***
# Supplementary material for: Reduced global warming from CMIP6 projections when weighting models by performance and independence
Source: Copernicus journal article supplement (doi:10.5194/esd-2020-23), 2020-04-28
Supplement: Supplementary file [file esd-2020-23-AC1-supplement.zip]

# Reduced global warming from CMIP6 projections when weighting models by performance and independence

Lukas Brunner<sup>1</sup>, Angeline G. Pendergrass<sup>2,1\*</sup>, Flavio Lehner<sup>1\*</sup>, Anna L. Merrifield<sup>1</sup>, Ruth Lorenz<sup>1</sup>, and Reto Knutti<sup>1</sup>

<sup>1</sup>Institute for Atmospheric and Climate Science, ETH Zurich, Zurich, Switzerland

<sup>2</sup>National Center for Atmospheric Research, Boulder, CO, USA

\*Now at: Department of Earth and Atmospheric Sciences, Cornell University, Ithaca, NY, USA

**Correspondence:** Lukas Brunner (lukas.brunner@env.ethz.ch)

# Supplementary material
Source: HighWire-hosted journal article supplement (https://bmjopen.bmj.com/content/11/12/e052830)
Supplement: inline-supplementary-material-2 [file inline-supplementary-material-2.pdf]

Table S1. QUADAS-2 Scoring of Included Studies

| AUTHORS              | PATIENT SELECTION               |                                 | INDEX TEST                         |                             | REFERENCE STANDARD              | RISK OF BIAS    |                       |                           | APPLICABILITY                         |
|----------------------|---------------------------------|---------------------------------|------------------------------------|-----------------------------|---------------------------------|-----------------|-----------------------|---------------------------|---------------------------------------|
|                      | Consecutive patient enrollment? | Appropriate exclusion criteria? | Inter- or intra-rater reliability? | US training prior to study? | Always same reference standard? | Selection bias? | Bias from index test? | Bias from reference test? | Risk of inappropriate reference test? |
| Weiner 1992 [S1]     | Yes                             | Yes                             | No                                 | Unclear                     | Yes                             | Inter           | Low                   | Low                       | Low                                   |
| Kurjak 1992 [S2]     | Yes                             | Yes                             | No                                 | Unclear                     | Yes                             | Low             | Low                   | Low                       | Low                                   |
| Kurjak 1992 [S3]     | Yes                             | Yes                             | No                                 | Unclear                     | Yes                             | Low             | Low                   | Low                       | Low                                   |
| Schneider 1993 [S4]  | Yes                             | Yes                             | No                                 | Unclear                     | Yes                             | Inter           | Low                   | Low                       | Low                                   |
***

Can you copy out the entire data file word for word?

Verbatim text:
# Supplementary material for: Reduced global warming from CMIP6 projections when weighting models by performance and independence
Source: Copernicus journal article supplement (doi:10.5194/esd-2020-23), 2020-04-28
Supplement: Supplementary file [file esd-2020-23-AC1-supplement.zip]

# Reduced global warming from CMIP6 projections when weighting models by performance and independence

Lukas Brunner<sup>1</sup>, Angeline G. Pendergrass<sup>2,1\*</sup>, Flavio Lehner<sup>1\*</sup>, Anna L. Merrifield<sup>1</sup>, Ruth Lorenz<sup>1</sup>, and Reto Knutti<sup>1</sup>

<sup>1</sup>Institute for Atmospheric and Climate Science, ETH Zurich, Zurich, Switzerland

<sup>2</sup>National Center for Atmospheric Research, Boulder, CO, USA

\*Now at: Department of Earth and Atmospheric Sciences, Cornell University, Ithaca, NY, USA

**Correspondence:** Lukas Brunner (lukas.brunner@env.ethz.ch)

# Supplementary material
Source: HighWire-hosted journal article supplement (https://bmjopen.bmj.com/content/11/12/e052830)
Supplement: inline-supplementary-material-2 [file inline-supplementary-material-2.pdf]

Table S1. QUADAS-2 Scoring of Included Studies

| AUTHORS              | PATIENT SELECTION               |                                 | INDEX TEST                         |                             | REFERENCE STANDARD              | RISK OF BIAS    |                       |                           | APPLICABILITY                         |
|----------------------|---------------------------------|---------------------------------|------------------------------------|-----------------------------|---------------------------------|-----------------|-----------------------|---------------------------|---------------------------------------|
|                      | Consecutive patient enrollment? | Appropriate exclusion criteria? | Inter- or intra-rater reliability? | US training prior to study? | Always same reference standard? | Selection bias? | Bias from index test? | Bias from reference test? | Risk of inappropriate reference test? |
| Weiner 1992 [S1]     | Yes                             | Yes                             | No                                 | Unclear                     | Yes                             | Inter           | Low                   | Low                       | Low                                   |
| Kurjak 1992 [S2]     | Yes                             | Yes                             | No                                 | Unclear                     | Yes                             | Low             | Low                   | Low                       | Low                                   |
| Kurjak 1992 [S3]     | Yes                             | Yes                             | No                                 | Unclear                     | Yes                             | Low             | Low                   | Low                       | Low                                   |
| Schneider 1993 [S4]  | Yes                             | Yes                             | No                                 | Unclear                     | Yes                             | Inter           | Low                   | Low                       | Low                                   |